The Journey of Grief
My entry today is related to the reactions witnessed throughout the United States presently and over the past few days with regard to the protests centered around George Floyd’s physical life ending at the hands of police. It is as though a tipping point was reached and all of a sudden whatever was holding and keeping the eventual reactions under control exploded. All of the emotional pain, fear and anger buried within countless numbers men and women erupted like a volcano spewing lava like destruction that often turned violent leaving devastation in its wake.
Anytime anyone loses anything of value, grief is the reaction. Elizabeth Kubler Ross was a psychiatrist working with mentally challenged patients. As she observed the reactions of her patients receiving bad news, with relationship to loss, she began to recognize from her patients similar behaviors. The more she observed these similarities the more she began to understand an emerging pattern surfacing she called the process of grief. She wrote about her finding in her famous book On Death and Dying.
What she observed once someone received the bad new of loss started out with what she termed “denial.” Denial may be described as a numbing sensation that tends to set in to aid in coping with the trauma caused by the loss. It can be understood as the electrical service panel in your home or apartment. Once an electrical circuit is overloaded, the breaker in the electrical panel trips to keep the circuit from catching the house on fire. In other words, denial helps the individual cope with the trauma associated with the loss.
Secondly, once the denial begins to wear away and the numbing sensation decreases, then anger begins to set in. What was once unbelief that the loss had occurred was replaced by the fact that the loss actually happened and now anger fills what the denial had veiled over. This anger, depending on how severe the loss, heats up within a person’s psyche causing such distress. When this anger reaches the boiling point then the next stage in the grief process described by Ross is termed “bargaining.”
Simply put, bargaining is looking for someone to blame for the loss. If someone very close to you is killed in an automobile accident and the person causing the accident was a drunk driver, more than likely your anger would soon turn to blaming the driver for their negligence in driving while intoxicated. It can get more complicated especially when it is not certain who was at fault for the loss. One might say, “If only the ambulance driver had gotten my mother to the hospital in time she would still be alive. These and other statements are expressed to try and cope with losses. Often when we can’t find anyone to blame our anger and blaming gets put on God.
These first three emotions, denial, anger and bargaining tend to be relived over and over as we try to make sense of the loss we are experiencing. The result of not being able to come to any solution brings about the next stage in the grief process namely, “depression.” Depression is that sinking feeling within us when we are no longer in control. There is a hopelessness that accompanies our inner being. We may try to hide it but most of the time it is very present. We may try to self-medicate this pain by over eating or taking drugs to help us cope. Usually these attempts to deal with the loss only complicate the process of reaching the last stage of Ross’ grief process called “acceptance.”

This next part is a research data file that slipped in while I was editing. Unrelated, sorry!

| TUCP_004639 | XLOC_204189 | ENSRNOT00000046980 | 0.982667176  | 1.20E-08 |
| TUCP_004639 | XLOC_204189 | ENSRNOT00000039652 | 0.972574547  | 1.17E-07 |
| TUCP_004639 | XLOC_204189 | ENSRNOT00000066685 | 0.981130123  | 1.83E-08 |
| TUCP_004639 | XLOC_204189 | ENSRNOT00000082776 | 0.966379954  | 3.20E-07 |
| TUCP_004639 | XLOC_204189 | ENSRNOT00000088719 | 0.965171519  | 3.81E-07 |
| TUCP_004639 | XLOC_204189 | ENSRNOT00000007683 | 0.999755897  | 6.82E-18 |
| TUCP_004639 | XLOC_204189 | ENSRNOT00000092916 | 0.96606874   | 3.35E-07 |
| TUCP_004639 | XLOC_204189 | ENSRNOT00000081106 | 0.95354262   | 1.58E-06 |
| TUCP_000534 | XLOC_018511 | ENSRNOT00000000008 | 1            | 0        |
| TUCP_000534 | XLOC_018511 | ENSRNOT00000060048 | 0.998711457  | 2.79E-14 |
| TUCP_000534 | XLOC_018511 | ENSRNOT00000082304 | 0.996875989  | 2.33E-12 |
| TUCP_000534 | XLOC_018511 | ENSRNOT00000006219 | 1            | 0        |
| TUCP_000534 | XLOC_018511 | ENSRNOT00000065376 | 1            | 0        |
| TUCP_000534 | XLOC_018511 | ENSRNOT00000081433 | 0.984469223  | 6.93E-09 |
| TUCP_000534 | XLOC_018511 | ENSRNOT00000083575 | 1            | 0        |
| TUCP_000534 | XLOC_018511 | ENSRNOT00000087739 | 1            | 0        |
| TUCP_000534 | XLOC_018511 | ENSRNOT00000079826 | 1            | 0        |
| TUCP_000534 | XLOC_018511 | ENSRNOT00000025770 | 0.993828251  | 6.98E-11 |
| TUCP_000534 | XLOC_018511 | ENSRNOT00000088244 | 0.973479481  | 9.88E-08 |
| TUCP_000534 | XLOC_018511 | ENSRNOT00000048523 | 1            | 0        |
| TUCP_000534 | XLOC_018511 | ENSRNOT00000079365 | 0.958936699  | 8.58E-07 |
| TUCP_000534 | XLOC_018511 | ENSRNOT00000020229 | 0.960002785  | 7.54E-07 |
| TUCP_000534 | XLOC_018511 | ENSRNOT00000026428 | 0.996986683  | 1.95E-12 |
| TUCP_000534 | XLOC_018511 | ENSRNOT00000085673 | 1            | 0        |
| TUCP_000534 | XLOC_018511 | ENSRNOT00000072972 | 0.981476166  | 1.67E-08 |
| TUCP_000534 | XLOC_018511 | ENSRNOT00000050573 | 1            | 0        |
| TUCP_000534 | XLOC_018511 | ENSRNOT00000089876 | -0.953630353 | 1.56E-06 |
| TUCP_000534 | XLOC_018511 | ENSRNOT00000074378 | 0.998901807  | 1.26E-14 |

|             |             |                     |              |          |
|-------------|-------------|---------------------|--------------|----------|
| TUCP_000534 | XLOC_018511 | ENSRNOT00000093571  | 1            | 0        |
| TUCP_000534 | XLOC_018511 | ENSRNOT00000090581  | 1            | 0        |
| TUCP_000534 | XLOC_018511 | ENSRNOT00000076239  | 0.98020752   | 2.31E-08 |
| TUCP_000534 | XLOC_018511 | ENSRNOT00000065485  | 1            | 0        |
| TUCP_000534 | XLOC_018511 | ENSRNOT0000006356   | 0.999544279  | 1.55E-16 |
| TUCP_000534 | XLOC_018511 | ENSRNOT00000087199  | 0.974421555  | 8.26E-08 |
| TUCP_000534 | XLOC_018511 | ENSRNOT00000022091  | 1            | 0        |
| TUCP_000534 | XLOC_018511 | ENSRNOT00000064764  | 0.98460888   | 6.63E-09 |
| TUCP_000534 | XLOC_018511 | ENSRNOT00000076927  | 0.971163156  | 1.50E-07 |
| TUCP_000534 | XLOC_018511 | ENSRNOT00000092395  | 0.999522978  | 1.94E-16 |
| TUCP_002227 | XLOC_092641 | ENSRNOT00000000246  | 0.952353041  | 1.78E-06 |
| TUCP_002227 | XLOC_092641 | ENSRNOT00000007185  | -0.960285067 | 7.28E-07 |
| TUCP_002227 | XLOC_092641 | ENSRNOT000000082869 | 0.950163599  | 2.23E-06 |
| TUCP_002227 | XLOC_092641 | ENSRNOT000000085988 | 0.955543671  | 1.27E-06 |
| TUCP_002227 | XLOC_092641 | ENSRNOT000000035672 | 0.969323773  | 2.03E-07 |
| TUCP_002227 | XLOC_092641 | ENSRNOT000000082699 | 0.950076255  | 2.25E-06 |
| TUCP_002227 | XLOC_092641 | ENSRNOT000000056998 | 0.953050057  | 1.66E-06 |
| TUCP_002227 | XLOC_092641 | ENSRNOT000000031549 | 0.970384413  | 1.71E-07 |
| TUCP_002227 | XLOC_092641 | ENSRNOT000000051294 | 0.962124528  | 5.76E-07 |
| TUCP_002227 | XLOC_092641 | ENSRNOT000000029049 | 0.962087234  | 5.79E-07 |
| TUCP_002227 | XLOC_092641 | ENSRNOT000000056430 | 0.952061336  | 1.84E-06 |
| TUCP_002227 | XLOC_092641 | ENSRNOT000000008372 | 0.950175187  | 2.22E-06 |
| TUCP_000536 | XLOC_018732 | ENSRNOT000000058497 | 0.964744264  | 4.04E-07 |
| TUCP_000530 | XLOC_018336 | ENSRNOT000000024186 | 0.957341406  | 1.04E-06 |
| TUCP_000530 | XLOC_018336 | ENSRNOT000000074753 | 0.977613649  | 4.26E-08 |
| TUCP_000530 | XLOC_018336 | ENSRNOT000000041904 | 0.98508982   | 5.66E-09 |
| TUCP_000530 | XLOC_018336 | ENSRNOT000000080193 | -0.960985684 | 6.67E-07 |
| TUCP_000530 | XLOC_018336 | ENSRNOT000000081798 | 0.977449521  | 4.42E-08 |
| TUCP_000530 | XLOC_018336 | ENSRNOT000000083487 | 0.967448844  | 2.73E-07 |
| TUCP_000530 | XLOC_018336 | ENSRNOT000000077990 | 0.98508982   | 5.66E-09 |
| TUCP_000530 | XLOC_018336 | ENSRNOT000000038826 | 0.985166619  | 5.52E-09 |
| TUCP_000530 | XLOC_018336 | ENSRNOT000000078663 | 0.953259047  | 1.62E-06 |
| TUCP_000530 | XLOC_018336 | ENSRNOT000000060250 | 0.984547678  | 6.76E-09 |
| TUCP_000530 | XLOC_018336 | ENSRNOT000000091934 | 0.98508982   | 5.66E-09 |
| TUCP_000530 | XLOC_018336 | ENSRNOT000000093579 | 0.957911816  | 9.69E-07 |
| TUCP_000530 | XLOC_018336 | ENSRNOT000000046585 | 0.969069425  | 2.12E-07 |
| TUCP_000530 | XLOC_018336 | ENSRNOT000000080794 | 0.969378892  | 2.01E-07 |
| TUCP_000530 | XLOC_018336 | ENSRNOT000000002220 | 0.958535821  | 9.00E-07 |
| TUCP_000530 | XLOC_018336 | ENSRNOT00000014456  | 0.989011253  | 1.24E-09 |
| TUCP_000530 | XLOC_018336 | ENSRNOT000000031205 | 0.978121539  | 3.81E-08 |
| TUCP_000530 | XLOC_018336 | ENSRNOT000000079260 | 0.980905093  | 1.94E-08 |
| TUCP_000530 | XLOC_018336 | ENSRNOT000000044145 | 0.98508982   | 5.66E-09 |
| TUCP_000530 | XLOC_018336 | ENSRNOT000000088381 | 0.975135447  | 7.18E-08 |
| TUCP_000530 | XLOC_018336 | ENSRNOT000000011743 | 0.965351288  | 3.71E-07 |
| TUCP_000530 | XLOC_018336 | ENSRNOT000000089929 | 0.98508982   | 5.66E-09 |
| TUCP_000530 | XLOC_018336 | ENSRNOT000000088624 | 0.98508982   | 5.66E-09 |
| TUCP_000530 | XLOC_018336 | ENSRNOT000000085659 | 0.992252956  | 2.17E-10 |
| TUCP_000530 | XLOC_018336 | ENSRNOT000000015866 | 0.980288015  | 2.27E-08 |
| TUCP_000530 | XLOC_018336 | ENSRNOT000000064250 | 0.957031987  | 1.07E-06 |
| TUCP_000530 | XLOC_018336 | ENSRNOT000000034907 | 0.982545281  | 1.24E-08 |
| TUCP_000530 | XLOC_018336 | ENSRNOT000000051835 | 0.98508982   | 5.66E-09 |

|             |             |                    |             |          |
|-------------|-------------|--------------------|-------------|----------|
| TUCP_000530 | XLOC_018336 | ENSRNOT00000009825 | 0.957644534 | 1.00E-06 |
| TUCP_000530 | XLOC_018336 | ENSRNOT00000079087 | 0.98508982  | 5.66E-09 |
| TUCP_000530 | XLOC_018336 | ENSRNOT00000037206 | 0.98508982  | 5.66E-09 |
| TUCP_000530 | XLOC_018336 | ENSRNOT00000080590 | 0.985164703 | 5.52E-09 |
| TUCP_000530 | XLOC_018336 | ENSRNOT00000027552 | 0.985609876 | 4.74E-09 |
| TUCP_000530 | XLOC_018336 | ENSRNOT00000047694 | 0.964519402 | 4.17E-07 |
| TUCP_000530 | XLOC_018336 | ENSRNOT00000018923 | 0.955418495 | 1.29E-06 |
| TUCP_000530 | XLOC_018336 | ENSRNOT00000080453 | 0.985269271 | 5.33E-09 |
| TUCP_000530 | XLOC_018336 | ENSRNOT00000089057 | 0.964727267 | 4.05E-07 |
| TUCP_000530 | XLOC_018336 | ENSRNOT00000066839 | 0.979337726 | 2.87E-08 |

It has been said that grief work is the hardest work we will ever do in our lifetime. Grief work has to be intentional. It is a good idea to take this grief journey with a trusted friend. In order for this journey to be successful in reaching acceptance one can only get passed grief by going through it. In other words, you can’t go over it or under it or around it, you must go through it to get past it.
As I thought about the grief journey our country’s population seems to be going through today, it occurred to me that we have been in denial as Caucasians of the pain people of color have had to endure. It appears the denial of these people of color asking themselves "is this really happening to us?" has now worn away and the collective anger has erupted. There are so many voices shouting in an attempt to get the attention of those seemingly in control that they could no longer breathe. The bargaining piece to this national grief process seems to be coming from several different places. Everyone is pointing fingers. If the process is accurate, national depression is not far away.
To reiterate, grief work is the hardest work we will ever do in our lifetime. Presently we are all asking “why and when questions.” Why is this happening? Why did we not see this coming? When will all of this go away? The why and when questions are asked in the midst of the grieving process. One of the evidences that we as a nation will approach the last stage of the grieving process, namely “acceptance” is when we start asking the “how” questions. In other words, how can we take what we are learning and apply it in the care of each other? How can we make room for all to be included? How can we become more loving toward one another?
The scriptures indicate that man looks at the outward appearance but God looks on the heart. I believe we have the ability to look on the heart as well because we come from God. We are the “God-kind.” If that is so, then we come from Love. It is my hope and prayer that acceptance, once it is reached, will be surrounded and upheld in and by Love with the absolute absence of condemnation. We all are Loved and when we make that discovery and begin to show love to oneanother, the world will never be the same again!